Using babies as weights while exercising
The concept of strapping baby to mum’s chest while exercising has been around for a few years and appears to be growing in popularity. However, the trend is not without potential problems.
The first and main consideration is the strength of the mother’s pelvic floor muscles. Remember, Pelvic Floor First principles advise performing pelvic floor safe exercises initially without weights, until the woman’s pelvic floor strength increases. Adding baby as a weight is similar to adding weights before a postnatal mum is ready.
For any mum who has pelvic floor weakness, low endurance or a degree of laxity, loading the pelvic floor during standing exercises while continually holding a baby may increase the likelihood of pelvic floor problems or a pelvic organ prolapse. Holding a baby can also make it harder to concentrate on the exercise and maintain good form. This can contribute to fatigue and poor technique, which can further load the recovering pelvic floor.
Having said that, mums returning to exercise often understandably want to keep their babies close and enjoy bonding time while they keep active. And some mums might not have babysitting options to enable them to take an exercise class without their bub.
For these reasons, it’s important to provide exercise options that satisfy the physical and emotional needs of both mother and baby. Babies can be made welcome in a pram, on the floor or a mat, or in a rocker, so that mum can join in the program or class without needing to hold her baby throughout.
If a baby is unsettled, providing a mother with ways to continue to exercise with her child can be helpful, such as sitting on a ball while holding the baby. Allowing some extended mat-based exercises is also a good way to allow time for cuddles without overloading the pelvic floor.
For some mums, coming to a class or group training session gives them time for themselves while knowing that their baby is safely nearby. Some mums may not want the continual contact with their baby during a program, so when formatting your plans, consider variations of exercises that include baby and that can be done with baby nearby. If babies are asleep, providing an option for doing a mum and baby exercise without bub is also important.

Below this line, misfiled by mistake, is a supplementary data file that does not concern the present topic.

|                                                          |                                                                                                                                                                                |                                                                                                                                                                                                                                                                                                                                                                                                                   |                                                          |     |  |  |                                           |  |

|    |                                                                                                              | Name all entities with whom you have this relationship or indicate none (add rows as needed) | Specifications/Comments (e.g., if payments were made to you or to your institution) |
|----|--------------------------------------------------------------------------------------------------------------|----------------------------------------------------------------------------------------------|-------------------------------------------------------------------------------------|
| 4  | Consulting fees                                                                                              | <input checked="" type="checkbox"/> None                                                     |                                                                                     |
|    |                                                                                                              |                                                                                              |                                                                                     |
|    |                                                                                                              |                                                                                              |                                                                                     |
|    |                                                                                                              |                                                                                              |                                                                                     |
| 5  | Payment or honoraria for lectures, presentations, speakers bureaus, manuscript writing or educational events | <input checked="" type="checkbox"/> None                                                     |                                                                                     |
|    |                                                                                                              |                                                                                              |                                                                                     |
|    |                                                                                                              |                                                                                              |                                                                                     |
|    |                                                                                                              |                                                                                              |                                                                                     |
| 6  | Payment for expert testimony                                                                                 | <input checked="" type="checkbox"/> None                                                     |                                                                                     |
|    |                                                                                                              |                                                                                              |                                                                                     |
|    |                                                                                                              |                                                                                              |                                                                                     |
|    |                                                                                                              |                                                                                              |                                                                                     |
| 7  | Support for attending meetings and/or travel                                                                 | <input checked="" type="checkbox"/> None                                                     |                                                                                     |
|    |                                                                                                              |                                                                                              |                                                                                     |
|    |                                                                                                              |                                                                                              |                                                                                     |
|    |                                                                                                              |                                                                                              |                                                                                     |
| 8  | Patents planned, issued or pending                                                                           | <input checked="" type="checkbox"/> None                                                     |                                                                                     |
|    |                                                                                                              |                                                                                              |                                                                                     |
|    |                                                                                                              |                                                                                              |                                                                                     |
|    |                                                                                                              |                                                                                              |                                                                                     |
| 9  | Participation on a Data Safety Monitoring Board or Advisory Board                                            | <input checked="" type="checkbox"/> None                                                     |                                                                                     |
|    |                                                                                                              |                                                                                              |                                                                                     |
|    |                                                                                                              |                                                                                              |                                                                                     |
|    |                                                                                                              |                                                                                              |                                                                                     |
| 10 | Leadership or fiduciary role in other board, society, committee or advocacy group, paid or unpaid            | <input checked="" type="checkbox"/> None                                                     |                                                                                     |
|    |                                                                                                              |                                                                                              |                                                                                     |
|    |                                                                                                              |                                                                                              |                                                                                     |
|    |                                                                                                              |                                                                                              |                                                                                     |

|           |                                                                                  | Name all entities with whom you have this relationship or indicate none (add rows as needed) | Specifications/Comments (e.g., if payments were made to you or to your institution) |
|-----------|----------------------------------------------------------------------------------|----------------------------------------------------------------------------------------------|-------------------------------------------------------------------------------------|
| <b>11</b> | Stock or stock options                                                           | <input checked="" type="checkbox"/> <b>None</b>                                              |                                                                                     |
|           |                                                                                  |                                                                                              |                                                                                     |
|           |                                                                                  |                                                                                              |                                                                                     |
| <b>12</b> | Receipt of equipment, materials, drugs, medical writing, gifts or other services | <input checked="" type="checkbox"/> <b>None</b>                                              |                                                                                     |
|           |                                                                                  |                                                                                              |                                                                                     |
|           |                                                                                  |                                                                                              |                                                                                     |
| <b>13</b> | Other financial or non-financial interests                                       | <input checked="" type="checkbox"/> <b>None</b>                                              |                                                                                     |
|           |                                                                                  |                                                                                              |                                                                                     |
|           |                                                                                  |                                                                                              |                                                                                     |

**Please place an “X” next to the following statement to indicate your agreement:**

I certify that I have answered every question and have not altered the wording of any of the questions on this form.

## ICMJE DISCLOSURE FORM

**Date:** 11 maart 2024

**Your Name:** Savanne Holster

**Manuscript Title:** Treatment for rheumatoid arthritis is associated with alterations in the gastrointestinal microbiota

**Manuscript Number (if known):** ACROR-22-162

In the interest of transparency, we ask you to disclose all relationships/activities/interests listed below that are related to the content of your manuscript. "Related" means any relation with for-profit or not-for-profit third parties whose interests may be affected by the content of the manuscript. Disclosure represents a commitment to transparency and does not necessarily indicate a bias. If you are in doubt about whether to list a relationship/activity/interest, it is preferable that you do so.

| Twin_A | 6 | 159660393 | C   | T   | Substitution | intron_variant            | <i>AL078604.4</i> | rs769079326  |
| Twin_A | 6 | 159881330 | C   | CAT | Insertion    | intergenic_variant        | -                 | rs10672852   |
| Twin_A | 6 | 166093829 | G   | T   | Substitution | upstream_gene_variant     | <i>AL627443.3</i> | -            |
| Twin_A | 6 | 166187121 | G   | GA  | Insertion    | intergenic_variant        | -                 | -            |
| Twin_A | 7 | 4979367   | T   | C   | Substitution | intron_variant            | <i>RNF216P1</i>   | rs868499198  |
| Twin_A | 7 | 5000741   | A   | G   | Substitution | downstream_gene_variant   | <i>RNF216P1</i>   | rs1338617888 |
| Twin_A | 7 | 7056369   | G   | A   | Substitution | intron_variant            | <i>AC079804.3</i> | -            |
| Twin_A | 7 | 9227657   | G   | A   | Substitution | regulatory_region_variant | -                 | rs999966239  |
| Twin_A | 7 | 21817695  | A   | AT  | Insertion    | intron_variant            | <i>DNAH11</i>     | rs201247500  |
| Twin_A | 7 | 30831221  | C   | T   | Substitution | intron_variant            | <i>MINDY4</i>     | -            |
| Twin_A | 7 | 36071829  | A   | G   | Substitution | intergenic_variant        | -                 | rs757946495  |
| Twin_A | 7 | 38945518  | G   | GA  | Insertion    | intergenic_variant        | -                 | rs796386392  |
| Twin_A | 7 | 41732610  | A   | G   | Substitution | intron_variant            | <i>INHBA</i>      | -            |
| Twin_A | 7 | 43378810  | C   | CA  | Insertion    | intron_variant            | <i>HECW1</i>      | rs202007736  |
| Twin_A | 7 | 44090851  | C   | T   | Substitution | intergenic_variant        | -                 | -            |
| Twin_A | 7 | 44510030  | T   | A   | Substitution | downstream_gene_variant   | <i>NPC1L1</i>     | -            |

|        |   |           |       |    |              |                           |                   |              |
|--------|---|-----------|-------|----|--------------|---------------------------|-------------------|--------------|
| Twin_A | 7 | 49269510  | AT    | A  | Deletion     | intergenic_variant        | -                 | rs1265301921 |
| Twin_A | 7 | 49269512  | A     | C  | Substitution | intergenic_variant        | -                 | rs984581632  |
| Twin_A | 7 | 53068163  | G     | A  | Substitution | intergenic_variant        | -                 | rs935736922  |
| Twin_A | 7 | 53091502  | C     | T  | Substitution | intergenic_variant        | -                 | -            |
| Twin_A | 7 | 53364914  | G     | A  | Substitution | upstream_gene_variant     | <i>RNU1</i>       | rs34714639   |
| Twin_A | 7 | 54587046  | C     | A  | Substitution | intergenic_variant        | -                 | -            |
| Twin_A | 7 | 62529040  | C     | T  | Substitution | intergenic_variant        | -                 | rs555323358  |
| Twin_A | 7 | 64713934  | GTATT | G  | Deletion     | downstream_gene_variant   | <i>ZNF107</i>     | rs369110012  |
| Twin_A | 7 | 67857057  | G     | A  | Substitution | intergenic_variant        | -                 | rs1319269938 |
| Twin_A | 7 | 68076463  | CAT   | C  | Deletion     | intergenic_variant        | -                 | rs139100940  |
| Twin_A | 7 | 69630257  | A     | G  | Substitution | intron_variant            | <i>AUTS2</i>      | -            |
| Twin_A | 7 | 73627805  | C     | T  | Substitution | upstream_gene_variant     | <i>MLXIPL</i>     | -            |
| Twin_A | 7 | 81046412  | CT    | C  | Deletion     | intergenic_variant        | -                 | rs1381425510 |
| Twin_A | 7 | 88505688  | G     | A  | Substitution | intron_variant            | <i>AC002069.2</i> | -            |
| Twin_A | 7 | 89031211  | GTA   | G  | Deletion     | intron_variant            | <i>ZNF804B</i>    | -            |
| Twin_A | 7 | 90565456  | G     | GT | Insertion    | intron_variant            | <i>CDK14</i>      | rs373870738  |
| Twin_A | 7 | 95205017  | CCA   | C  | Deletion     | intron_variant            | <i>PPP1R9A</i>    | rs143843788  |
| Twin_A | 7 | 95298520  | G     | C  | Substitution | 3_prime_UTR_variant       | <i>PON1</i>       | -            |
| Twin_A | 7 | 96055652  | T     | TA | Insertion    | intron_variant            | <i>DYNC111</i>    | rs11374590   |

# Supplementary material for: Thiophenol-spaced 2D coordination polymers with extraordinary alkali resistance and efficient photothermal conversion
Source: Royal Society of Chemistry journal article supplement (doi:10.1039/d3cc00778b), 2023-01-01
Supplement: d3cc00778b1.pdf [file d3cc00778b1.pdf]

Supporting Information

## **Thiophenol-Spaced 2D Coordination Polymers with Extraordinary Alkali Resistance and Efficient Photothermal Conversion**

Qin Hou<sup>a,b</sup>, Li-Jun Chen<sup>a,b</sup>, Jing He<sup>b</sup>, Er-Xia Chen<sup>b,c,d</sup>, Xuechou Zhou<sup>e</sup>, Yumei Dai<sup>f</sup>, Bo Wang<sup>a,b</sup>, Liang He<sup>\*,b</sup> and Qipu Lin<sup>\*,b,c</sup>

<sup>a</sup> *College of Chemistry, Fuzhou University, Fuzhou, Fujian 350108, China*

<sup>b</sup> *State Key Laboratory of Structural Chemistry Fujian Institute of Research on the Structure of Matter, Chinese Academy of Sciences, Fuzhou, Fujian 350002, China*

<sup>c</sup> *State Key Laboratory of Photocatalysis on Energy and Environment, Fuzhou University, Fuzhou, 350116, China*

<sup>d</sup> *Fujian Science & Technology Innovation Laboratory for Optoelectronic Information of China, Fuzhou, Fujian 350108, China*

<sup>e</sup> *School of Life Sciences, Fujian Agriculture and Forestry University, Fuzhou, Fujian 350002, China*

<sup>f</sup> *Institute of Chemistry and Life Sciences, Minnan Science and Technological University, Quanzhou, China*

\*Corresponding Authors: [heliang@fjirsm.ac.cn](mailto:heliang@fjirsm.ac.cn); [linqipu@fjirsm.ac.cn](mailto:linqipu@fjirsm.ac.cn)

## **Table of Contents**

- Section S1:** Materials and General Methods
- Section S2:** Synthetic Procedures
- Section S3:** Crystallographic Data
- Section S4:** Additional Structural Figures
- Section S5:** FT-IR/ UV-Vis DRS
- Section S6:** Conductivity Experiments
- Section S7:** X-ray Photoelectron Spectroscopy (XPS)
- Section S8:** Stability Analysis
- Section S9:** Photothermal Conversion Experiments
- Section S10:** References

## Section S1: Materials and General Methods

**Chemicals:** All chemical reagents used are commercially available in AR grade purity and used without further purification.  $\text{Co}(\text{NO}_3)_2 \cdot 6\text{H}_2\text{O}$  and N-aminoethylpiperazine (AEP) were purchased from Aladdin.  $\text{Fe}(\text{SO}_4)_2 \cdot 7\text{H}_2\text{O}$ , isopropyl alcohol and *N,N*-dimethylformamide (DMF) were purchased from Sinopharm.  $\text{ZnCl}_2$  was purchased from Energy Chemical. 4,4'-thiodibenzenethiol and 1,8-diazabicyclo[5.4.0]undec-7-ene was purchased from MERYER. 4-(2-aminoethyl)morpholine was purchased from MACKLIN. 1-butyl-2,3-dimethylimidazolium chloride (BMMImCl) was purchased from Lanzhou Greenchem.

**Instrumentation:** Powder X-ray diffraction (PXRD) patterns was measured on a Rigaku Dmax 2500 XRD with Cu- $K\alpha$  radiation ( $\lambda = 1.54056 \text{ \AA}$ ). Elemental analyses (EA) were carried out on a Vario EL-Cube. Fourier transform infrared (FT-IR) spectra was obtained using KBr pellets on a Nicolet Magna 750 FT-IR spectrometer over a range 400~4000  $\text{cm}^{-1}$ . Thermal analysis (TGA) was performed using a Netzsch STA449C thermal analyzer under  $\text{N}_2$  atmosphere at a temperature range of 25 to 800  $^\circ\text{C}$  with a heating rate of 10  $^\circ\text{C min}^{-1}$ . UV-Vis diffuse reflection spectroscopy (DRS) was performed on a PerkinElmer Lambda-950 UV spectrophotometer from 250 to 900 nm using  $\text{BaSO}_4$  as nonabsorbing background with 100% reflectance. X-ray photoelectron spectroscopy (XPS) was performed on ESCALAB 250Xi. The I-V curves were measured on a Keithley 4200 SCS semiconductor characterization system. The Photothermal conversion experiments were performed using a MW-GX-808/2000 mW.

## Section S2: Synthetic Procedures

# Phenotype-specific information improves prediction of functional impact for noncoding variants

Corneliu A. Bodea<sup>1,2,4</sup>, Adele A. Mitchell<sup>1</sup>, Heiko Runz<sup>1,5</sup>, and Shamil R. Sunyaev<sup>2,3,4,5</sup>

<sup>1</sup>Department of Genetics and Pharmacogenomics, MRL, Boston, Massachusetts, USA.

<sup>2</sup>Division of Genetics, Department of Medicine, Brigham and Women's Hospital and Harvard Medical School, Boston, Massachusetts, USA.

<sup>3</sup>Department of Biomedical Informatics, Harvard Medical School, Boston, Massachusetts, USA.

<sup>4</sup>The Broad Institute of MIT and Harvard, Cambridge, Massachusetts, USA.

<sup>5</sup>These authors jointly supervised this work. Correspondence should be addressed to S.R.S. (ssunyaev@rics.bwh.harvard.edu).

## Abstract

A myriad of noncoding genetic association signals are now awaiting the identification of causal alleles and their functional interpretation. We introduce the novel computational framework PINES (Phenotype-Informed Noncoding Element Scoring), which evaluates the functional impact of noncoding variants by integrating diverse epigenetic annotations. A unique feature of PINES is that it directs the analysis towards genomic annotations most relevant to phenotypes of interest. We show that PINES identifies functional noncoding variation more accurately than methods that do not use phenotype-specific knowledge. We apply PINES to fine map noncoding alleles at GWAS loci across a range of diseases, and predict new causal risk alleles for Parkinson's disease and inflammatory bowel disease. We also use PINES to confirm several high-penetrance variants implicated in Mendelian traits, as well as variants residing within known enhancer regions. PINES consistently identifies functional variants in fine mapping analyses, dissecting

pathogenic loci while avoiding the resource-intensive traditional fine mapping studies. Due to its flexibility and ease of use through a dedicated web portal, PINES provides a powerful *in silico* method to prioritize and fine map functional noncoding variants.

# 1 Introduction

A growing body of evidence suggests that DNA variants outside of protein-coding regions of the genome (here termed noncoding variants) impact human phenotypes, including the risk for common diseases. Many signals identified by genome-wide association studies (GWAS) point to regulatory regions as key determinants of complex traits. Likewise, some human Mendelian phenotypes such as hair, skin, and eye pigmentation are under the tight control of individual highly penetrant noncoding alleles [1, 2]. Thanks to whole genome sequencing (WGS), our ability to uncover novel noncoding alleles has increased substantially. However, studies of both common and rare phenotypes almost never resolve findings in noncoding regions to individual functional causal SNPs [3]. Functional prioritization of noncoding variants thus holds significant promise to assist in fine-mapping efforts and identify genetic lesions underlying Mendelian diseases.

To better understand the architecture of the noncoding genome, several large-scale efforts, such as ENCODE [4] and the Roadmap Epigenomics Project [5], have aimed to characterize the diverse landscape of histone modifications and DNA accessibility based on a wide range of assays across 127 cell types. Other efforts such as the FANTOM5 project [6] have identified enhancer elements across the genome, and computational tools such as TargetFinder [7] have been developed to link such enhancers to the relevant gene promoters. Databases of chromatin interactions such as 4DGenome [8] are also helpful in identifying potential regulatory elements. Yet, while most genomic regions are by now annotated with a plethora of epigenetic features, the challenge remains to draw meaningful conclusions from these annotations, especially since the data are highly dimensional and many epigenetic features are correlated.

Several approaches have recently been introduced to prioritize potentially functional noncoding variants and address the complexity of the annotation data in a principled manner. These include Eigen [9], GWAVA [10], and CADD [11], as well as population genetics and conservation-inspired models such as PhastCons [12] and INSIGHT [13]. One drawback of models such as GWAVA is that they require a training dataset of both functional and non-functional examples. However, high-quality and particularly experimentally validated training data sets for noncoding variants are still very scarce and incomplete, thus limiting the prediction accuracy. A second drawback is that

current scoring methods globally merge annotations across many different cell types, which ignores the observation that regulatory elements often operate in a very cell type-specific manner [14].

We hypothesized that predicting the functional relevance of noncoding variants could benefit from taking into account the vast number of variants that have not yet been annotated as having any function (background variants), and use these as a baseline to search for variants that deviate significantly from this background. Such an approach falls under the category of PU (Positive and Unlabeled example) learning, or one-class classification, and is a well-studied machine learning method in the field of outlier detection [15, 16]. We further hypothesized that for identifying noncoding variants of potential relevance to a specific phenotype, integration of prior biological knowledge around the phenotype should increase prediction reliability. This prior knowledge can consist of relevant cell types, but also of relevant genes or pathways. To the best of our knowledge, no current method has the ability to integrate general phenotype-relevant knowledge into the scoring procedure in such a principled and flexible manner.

Structuring your class with Pelvic Floor First principles and these considerations in mind should enable a satisfying and safe workout for all concerned.
Practical tips for postnatal exercise classes from fitness professional Michelle Scott
I often have mums in my postnatal exercise classes who want to hold their baby while they exercise. They say their baby is only small and they enjoy the close contact, however I respond to them in this way:
- Ensuring good pelvic floor strength long term is important, and it’s better for their pelvic floor to exercise with their baby in the pram.
- I emphasise the 1 in 3 women statistics – this fact highlights to mums the importance of pelvic floor care.
- I also use about 10 minutes on the mat when they can have their baby with them. Most often the babies are asleep from being pushed in the pram, which is good because then the mums can concentrate more on their pelvic floor and their form.
- There is time after exercise for cuddles, unless their baby is unsettled and needs to be held. As an instructor, I can also hold a baby so mum can concentrate on her exercises if the baby is crying.
Written by Physiotherapist and Pelvic Floor First ambassador Dianne Edmonds